Bile is a pigment secreted by the liver that acts upon fat and breaks it into smaller pieces to make it easily digestible. The juices secreted by pancreas contain several enzymes that act upon carbohydrates and proteins to digest them completely. Walls of small intestine also secrete several enzymes to complete the digestion.
The walls of small intestine are not smooth. They are rough due to the presence of a number of miniature finger-like projections called villi, which help in increasing the surface area of the small intestine. This in turn helps in efficient absorption of digested food.

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An adult human has 32 teeth arranged in the upper and lower jaws. These teeth masticate food and break it into small pieces. This provides an even texture to the food and makes it easily digestible.
We have four kinds of teeth in our oral cavity or mouth. They are:
(i) Incisors : They are flat teeth that act like scissors. They help in cutting food.
(ii) Canines:  These are sharp teeth and are very prominent in carnivores. They are pointed and help in tearing food. They function like knives in carnivores and help them capture their prey.
(iii) Premolars: These are teeth having broad surface. They help in grinding and chewing food.
(iv) Molars : They also help in grinding the food and chewing it. They are larger than premolars.

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The stomach of a ruminant (grass eating herbivores) is divided into four chambers and is capable of digesting cellulose. Ruminants chew the grass and other vegetable materials partially before swallowing it. This half or partially chewed food goes to the first chamber of the stomach, where the residing bacteria digest the cellulose. The first and second chambers break the food into smaller pieces and digest the cellulose. This half digested food is sent back to the mouth for re-chewing. This re-chewing of half digested food is called cud chewing or rumination. Ruminants derive their name from this process. When this food is swallowed again, it goes to the third chamber, where water and minerals are absorbed and further digestion takes place. Complete digestion takes place in the fourth chamber, where enzymes completely digest the food.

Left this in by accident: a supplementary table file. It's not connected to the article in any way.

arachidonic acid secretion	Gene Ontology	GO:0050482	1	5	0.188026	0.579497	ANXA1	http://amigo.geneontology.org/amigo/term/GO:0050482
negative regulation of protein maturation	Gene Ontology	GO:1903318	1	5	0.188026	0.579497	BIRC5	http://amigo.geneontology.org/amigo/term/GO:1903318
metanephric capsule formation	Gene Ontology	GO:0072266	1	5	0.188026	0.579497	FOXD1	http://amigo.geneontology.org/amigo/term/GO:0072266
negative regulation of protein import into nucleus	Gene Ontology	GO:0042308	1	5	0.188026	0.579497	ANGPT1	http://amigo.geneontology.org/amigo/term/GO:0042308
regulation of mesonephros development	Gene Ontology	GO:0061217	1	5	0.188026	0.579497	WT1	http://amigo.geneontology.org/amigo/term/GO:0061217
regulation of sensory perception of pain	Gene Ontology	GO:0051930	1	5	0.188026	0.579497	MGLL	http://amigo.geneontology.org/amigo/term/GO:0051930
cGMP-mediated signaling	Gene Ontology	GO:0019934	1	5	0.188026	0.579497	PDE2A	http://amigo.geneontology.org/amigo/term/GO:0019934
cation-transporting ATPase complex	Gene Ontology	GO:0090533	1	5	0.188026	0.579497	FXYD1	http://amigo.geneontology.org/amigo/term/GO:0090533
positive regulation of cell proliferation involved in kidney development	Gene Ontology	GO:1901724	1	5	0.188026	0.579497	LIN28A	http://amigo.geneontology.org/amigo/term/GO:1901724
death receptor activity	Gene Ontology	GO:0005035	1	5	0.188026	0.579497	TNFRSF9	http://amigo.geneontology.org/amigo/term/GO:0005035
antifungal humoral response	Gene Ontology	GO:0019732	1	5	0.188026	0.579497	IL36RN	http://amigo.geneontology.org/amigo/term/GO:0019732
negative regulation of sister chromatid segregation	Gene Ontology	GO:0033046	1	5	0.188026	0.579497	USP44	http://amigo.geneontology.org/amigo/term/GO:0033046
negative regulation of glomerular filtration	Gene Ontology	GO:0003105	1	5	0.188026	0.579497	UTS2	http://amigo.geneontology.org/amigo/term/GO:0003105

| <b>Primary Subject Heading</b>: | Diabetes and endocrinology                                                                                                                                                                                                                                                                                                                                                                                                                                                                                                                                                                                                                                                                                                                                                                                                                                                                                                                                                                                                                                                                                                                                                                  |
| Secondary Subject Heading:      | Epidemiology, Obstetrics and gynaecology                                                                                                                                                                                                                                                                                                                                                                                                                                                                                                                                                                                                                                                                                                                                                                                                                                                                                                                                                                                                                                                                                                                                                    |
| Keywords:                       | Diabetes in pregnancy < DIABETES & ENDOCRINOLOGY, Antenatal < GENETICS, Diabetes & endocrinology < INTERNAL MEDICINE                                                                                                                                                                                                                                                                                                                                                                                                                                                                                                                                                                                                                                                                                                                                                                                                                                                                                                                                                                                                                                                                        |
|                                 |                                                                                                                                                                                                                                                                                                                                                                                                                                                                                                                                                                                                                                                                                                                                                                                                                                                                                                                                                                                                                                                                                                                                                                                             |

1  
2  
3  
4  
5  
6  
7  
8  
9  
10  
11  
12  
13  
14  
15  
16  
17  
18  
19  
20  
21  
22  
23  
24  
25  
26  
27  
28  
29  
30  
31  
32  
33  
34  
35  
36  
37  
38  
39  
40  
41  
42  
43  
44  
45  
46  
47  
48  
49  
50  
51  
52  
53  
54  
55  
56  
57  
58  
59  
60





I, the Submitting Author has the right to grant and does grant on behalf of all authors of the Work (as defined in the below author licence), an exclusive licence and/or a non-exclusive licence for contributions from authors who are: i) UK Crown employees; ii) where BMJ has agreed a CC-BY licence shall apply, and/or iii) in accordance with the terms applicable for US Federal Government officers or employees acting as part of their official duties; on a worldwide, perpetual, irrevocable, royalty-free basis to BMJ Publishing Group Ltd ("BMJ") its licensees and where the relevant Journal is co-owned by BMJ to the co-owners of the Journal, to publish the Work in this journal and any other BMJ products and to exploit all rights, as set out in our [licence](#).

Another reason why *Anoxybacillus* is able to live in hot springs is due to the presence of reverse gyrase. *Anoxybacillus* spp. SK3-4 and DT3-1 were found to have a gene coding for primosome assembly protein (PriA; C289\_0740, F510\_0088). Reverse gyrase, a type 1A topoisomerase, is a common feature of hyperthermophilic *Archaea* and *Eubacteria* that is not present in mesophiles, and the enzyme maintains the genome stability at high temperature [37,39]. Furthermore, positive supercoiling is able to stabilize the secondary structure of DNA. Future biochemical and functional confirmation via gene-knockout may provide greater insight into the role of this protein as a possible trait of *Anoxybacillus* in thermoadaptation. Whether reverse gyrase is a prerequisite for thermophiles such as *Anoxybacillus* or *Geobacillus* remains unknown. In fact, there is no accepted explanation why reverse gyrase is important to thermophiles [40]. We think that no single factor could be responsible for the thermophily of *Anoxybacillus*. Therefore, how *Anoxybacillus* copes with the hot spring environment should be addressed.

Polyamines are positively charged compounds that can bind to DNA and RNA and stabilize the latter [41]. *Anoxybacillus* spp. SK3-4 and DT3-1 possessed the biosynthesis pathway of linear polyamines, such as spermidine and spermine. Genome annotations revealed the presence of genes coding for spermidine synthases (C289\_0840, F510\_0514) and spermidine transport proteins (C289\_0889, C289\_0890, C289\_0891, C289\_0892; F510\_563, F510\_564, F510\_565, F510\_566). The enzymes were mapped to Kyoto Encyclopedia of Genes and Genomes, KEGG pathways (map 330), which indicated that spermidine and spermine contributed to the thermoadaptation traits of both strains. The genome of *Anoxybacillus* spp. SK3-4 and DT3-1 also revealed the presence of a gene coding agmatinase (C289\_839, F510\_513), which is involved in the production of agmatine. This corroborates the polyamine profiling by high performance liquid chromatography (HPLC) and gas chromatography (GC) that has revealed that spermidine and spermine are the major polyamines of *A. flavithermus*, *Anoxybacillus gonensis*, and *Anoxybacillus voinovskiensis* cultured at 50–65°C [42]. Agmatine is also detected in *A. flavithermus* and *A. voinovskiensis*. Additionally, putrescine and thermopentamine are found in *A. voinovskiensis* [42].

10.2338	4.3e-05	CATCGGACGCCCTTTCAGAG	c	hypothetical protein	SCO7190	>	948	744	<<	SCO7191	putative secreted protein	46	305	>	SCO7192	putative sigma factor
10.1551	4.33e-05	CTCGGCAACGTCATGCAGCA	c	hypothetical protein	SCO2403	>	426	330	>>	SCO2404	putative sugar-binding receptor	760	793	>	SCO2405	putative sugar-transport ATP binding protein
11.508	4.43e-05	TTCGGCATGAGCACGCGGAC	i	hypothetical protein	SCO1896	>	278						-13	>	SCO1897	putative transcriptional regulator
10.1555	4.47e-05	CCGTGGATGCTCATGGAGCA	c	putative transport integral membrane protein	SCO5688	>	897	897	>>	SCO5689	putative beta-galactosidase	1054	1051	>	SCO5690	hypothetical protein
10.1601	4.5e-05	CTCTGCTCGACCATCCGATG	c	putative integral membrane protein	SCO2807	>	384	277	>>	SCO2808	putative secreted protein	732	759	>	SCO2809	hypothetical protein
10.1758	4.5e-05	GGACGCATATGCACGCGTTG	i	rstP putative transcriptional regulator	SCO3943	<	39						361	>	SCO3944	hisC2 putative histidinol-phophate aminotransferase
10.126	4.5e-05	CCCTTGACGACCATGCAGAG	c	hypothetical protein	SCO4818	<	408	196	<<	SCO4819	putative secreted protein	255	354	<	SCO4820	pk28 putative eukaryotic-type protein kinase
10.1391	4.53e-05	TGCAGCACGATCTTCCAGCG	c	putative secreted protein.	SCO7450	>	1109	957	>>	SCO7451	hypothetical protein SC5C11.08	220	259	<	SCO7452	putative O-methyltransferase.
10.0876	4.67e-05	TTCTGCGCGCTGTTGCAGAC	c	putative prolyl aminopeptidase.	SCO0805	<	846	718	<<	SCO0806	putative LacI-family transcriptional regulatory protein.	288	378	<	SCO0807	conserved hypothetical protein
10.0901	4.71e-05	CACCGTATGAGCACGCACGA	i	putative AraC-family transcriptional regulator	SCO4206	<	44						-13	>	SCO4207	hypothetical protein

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1. The tubelike mouthpart of a butterfly is called a proboscis.
2. The process by which digested food enters the blood is called absorption.
3. Chemical substances produced in the body of an organism to help in the process of digestion are called enzymes.
4. The tube, starting from the mouth and ending in the anus, through which food passes is called the alimentary canal.
5. Digestion begins in the mouth.
6. The fingerlike folds in the wall of the small intestine are called villi.

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(c) depend on sources other than themselves for food
Heterotrophs are organisms that depend on sources other than themselves for food.

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(a) blue-black
Iodine turns starch blue-black.

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(a) water
Walls of large intestine absorb water.

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(c) digested food is utilised by the body
Assimilation is the process by which digested food is utilised by the body.

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(d) undigested sugar
Cellulose is a type of sugar which remains undigested in the human body.

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(d) starch
Plants store food as starch.